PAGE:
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Alex’s Lemonade Stand Foundation Announces 2019 Reach Grant Recipients

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The Reach Grant provides critical funding to propel childhood cancer research from the lab toward clinical trial.

Philadelphia, PA (March 4, 2020) – Alex’s Lemonade Stand Foundation (ALSF), a nonprofit dedicated to finding cures for all children with cancer, awarded Reach Grants to childhood cancer researchers at five leading institutions across the country. The Reach Grant provides much-needed funding at a critical point in the development of a cancer therapy – obtaining the preclinical data needed to support the initiation of a clinical trial. Each recipient will receive up to $250,000 over the course of two years.

The 2019 Reach Grant will support Alice Bertaina, MD/PhD of Stanford University School of Medicine; Garrett Brodeur, MD of Children’s Hospital of Philadelphia; Dean Lee, MD/PhD of Nationwide Children’s Hospital; Linda Malkas, PhD of City of Hope Beckman Research Institute; and Danny Reinberg, PhD of NYU School of Medicine.

The Reach Grant recipients will test innovative approaches to improve the way childhood cancers are treated with the goal of moving less toxic, more efficacious therapies into clinical trial. The approaches include using donor-derived CAR T cells to seek and destroy cancer cells, using a novel nanoparticle drug-delivery system to increase the concentration of drug in tumors compared to healthy tissue, and developing and testing new targeted small molecule inhibitors.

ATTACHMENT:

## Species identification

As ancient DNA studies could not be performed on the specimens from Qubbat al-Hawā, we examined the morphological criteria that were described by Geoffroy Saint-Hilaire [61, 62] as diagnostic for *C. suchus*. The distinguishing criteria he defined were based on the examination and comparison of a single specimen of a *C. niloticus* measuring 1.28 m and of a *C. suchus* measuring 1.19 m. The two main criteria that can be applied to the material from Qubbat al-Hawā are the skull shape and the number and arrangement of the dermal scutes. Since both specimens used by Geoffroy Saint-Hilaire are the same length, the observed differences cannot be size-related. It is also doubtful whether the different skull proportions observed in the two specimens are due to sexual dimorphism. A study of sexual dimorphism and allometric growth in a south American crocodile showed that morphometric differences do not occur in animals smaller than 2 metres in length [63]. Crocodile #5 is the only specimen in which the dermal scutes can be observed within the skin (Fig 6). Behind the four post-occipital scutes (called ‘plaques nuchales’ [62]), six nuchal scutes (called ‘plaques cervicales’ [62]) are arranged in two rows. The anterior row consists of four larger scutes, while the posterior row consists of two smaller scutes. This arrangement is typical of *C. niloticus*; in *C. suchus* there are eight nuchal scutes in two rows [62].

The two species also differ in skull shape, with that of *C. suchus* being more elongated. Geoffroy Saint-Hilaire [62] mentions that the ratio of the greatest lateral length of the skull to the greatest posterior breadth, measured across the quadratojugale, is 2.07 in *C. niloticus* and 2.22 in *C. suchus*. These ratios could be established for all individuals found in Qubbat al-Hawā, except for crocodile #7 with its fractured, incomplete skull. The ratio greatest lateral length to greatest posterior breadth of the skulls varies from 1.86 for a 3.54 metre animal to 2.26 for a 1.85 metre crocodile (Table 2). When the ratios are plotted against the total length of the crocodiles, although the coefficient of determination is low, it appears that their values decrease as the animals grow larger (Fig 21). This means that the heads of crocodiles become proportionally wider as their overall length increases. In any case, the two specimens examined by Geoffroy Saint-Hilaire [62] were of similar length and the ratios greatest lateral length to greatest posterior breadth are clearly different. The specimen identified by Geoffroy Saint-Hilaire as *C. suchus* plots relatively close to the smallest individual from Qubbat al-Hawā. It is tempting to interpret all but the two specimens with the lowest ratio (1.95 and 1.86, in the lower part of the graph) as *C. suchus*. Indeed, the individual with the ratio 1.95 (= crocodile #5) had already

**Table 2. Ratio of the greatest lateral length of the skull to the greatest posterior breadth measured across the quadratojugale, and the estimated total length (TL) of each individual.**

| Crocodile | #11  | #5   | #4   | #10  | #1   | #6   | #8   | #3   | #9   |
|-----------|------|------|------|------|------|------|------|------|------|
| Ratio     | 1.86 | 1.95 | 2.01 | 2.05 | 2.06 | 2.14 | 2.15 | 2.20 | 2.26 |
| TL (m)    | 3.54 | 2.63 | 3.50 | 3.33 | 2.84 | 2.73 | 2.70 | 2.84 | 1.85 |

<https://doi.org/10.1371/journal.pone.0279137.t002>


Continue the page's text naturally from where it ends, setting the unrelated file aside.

“More effective, less toxic therapy is needed for children with high-risk solid tumors. The nanomolecular formulation we have developed can deliver 100 times the effective dose of chemotherapy to tumors compared to an equivalent dose as a conventional drug, so it is much more effective. There is also less toxicity, as less total drug can be given,” said Garrett Brodeur, MD, Professor of Pediatrics at Children’s Hospital of Philadelphia. “This grant will allow us to conduct the additional preclinical studies necessary to bring this novel agent to clinical trial. This will provide a valuable alternative to treat virtually any solid tumor in children.”

Full summaries of all projects are included on the following page.

“ALSF is committed to funding research that will contribute to better, less toxic breakthrough treatments for childhood cancer and save lives,” said Liz Scott, co-executive director of ALSF. “Our Reach Grant program allows us to invest in research that will lead to clinical trials to ensure impact for childhood cancer heroes and their families.” 

The aim of the Reach Grant is to fund studies which will result in the initiation of a clinical trial within a short time period, ideally two to three years. For more information about the Reach Grant or Alex’s Lemonade Stand Foundation’s various grant categories and successes, visit ALSFgrants.org.

2019 Reach Grant Recipients

Alice Bertaina, MD/PhD – Stanford University School of Medicine
Optimizing TCRaB+/CD19+-depleted Haploidentical HSCT for ALL using Donor-derived Genome-edited CAR T Cells